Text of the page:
Written by Martin McCormick
Directed by Martin McCormick & Lu Kemp
It’s the big day. 2014, the first-ever Scottish cup final for St. Johnstone, Perth. And if you happened to have tickets for the match at Celtic Park, well, you’d be a bloody fool to miss it.
Bobby is one such fool.
Sweet F.A, 1902, A War of Two Halves – the frequently erroneous, and frankly elitist, idea of the separation of arts and sport has all but dissipated in recent years. And thankfully continuing to shatter the gatekeeping associated with theatre and football, writer and director Martin McCormick’s Oh When The Saints does tremendous work to encourage the spirit of Perthshire back into the stalls and spread those wide blue wings of the county across Scotland.
But back to Bobby. Bobby, it seems, thinks he’s a bad omen, and why the team always lose. Though we’re never explicitly told where the issues stem, there’s an openness with long-time Saintee and Perth theatre veteran Colin McCredie’s performance, which channels McCormick’s less stringent text. It enables anyone, though particularly the men of the audience, to empathise with Bobby, to recognise that when anxieties and stresses pile up, there isn’t always an understandable or justifiable reason for actions. But climbing up a mountain with your brother and nieces’ cup final tickets in your back pocket is up there with the daftest of decisions.
And Helen agrees. Helen, you see, is also climbing the mountain, but Helen does this for separate reasons than escaping the match. A way to take time away from her everyday life. McCormick and Lu Kemp’s character-building tells us even less of Helen, but the sincerity Lorna Craig channels makes her an absolute delight to watch.
‘She’s the best part of the play’ – and though played for laughs, there’s truth in the chorus’s statements concerning Craig, who provides an additional element of depth to the production, and an access point for the non-Saints initiated.
And that’s an element of the beauty of McCormick’s script, that despite the show’s local appeal and spirit – the subject matter and experiences stretch across Scotland. Fundamentally, it’s about community. And though the specifics of the show centre on the grounds and Saints supporters, Oh When the Saints channels its story to the Perth community. A story about family, connections, and the communal celebration of the moments we come together and focus on. And therefore, when a detachment occurs through the narrative, it’s wholly felt through the audience, a pang of familiarity as we recognise we too have failed loved ones.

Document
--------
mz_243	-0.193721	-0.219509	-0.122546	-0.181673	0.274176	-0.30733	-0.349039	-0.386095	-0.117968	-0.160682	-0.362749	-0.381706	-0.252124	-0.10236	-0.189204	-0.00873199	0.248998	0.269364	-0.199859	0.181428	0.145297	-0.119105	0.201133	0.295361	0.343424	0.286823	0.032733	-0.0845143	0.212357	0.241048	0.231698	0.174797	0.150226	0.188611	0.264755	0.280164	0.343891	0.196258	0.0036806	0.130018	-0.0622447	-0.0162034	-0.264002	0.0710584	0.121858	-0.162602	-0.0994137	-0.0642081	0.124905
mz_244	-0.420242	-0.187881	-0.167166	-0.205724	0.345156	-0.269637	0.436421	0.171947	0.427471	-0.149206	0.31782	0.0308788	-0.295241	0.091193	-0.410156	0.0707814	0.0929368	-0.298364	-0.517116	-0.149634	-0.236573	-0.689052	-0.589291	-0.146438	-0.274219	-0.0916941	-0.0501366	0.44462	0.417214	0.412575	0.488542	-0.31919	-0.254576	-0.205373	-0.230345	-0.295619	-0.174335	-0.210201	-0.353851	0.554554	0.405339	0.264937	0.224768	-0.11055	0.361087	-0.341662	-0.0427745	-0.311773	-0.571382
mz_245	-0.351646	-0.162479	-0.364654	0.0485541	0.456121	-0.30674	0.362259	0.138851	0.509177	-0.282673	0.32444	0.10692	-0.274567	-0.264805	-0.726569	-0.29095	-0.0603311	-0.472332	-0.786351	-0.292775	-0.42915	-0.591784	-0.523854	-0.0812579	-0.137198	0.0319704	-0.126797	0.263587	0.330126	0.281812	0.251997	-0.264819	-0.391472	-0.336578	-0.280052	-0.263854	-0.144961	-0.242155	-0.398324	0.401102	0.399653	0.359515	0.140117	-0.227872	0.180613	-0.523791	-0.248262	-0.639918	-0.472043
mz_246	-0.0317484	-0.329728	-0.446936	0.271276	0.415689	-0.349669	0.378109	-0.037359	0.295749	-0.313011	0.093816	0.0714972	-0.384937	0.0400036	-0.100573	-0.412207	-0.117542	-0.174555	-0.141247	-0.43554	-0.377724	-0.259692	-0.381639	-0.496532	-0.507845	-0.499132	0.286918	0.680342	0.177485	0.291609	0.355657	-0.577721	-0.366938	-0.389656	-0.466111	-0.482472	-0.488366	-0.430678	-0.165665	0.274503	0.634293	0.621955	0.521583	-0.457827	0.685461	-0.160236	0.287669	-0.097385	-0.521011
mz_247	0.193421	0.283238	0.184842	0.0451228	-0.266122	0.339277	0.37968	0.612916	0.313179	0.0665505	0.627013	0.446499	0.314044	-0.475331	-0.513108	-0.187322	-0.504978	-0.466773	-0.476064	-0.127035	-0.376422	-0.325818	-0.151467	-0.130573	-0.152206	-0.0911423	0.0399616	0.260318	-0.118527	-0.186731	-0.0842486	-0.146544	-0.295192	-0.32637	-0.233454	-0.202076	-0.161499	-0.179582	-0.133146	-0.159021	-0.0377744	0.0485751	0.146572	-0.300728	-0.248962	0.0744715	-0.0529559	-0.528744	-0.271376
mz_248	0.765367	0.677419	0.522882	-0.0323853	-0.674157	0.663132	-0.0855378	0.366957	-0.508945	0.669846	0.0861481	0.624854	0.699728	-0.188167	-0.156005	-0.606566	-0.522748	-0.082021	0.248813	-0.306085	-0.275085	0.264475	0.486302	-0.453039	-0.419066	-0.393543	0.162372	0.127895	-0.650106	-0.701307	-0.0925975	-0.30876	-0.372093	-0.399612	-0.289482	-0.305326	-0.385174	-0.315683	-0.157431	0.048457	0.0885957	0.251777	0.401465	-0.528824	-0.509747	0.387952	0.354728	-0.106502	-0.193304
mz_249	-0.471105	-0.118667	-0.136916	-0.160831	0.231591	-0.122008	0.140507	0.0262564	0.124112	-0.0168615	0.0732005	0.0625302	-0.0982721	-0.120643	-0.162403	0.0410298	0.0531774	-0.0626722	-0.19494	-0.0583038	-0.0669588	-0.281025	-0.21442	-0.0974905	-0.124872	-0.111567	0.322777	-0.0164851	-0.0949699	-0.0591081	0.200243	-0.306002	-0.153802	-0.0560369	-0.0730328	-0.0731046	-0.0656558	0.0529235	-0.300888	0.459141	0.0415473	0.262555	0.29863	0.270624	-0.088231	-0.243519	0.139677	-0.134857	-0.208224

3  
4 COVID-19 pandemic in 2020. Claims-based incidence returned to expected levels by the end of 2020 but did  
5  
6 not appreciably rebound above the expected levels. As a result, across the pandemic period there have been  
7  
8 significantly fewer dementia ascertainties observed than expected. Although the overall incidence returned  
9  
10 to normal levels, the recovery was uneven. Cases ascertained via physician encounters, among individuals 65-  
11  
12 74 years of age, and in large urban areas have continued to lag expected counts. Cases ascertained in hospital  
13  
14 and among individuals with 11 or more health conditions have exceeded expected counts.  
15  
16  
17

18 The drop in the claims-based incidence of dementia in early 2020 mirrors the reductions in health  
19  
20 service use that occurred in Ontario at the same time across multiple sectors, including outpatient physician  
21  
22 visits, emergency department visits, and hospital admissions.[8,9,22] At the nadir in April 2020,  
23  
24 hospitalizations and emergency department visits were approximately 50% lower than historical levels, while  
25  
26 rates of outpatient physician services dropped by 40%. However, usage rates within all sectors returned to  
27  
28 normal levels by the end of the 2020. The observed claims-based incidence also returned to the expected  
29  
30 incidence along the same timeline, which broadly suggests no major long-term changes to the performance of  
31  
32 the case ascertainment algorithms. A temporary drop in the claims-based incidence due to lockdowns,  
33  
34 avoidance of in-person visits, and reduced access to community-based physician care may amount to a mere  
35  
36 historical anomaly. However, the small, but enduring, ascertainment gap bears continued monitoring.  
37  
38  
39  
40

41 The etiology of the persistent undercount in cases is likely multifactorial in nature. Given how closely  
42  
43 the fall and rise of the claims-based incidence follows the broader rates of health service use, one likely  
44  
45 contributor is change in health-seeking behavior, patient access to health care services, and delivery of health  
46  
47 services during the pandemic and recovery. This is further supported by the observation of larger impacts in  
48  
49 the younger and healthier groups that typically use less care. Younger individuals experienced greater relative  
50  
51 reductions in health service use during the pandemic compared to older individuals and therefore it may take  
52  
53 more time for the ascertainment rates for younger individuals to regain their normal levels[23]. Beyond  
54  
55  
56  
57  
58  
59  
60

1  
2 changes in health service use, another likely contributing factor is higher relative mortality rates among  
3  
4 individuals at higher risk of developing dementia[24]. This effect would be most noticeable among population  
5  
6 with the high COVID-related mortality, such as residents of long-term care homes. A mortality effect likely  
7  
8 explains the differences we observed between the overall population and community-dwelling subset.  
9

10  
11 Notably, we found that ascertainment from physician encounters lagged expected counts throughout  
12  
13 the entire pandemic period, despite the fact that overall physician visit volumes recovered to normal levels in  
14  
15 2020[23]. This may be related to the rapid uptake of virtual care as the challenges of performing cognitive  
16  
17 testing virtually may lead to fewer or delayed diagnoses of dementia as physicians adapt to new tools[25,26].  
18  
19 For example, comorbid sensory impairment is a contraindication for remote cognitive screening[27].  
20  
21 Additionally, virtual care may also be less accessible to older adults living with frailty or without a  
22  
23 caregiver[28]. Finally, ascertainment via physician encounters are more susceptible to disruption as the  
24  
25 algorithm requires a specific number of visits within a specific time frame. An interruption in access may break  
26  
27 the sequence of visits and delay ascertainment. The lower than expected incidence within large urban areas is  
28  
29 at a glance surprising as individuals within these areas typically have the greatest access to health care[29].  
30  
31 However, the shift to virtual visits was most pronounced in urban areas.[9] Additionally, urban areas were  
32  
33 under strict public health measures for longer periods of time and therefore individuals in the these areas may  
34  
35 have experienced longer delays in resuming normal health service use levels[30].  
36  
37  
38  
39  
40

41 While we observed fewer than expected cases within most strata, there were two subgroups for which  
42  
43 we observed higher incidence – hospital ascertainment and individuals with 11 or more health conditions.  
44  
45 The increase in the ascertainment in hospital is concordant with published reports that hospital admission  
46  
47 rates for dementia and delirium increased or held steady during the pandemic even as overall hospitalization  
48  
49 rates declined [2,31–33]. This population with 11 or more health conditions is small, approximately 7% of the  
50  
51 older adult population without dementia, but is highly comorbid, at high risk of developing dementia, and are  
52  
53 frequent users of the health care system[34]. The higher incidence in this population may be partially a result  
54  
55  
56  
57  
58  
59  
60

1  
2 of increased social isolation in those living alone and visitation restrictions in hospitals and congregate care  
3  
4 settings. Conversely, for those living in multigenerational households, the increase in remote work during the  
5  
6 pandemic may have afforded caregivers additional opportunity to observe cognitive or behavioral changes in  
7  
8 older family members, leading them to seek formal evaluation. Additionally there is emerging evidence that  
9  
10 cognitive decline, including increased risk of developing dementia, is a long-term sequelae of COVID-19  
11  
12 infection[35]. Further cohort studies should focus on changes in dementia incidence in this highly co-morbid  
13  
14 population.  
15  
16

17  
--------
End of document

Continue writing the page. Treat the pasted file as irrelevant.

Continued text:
Emphasising this, Greer Montgomery is an additional access point for audiences, her vigour and passion for the game only tempered (eventually) with the realisation of what time has been lost with her dad, and the value of this weighed against any ticket. Along with Tom McGovern as dad Del, the pair are the foundations of the story, a wealth of comedic turns and explosive outbursts all too familiar.
Under the hammering beat of Alan Penman’s musical direction, Oh When the Saints drums itself into an emotional frenzy in moments, tripping itself on its bootlaces with the impressive cast of over 20, before McCormick and Lu Kemps’ direction steers it back on track. And though elements are left undisclosed to reflect a more authentic sense of trust and trauma, aspects of the script could do with a touch more disclosure.
Ramshackle, transitioning from those primary-coloured stadium seating into the lofty tops of the Perthshire mountains, Emily James’s stage design forms numerous levels for the narrative to unfold. With Helen and Bobby at the top of the climb, struggling, while Wendy and her father, Del, have battles of their own. It hones focus where necessary, providing the ensemble front row seats to the goings-on of the cast, a classical Grecian chorus vibe as the judges and fates of the story unfolding around them.
Expectantly, shots are fired at all aspects of the nation’s obsessive (and compulsive) adoration of the sport, leading to in-jokes, local gags and the occasional bone is thrown to unfamiliar audiences. But the descent into Scotland’s other favourite pastime, Pantomime, with the Ugly Sisters of Scotland, is characterised by two awfy sweet lassies from Glasgow who take time out of their day to visit the farmers and the little people.
They come marching in alright, as that familiar tone of Stuart Crosgrove rings across the Horsecross Theatre as guest announcer, there’s an aura unfelt in a theatre for many a moon – something which transcends the space itself and encapsulates the entire city. Oh When The Saints pulls at the heartstrings of those local to the theatre, but there’s a more powerful presence at work. McCormick’s production communicates with more than the mind, but with the body of community – thundering a contemporary football fairy-tale with raucous laughter, to appreciative Saints fans, Theatre alumni, and a proud and dedicated neighbourhood.
‘Marching to success for Community’
Oh When The Saints runs at the Perth Horsecross Theatre until June 18th.
Tickets for which may be obtained here.
Photo Credit – Alastair More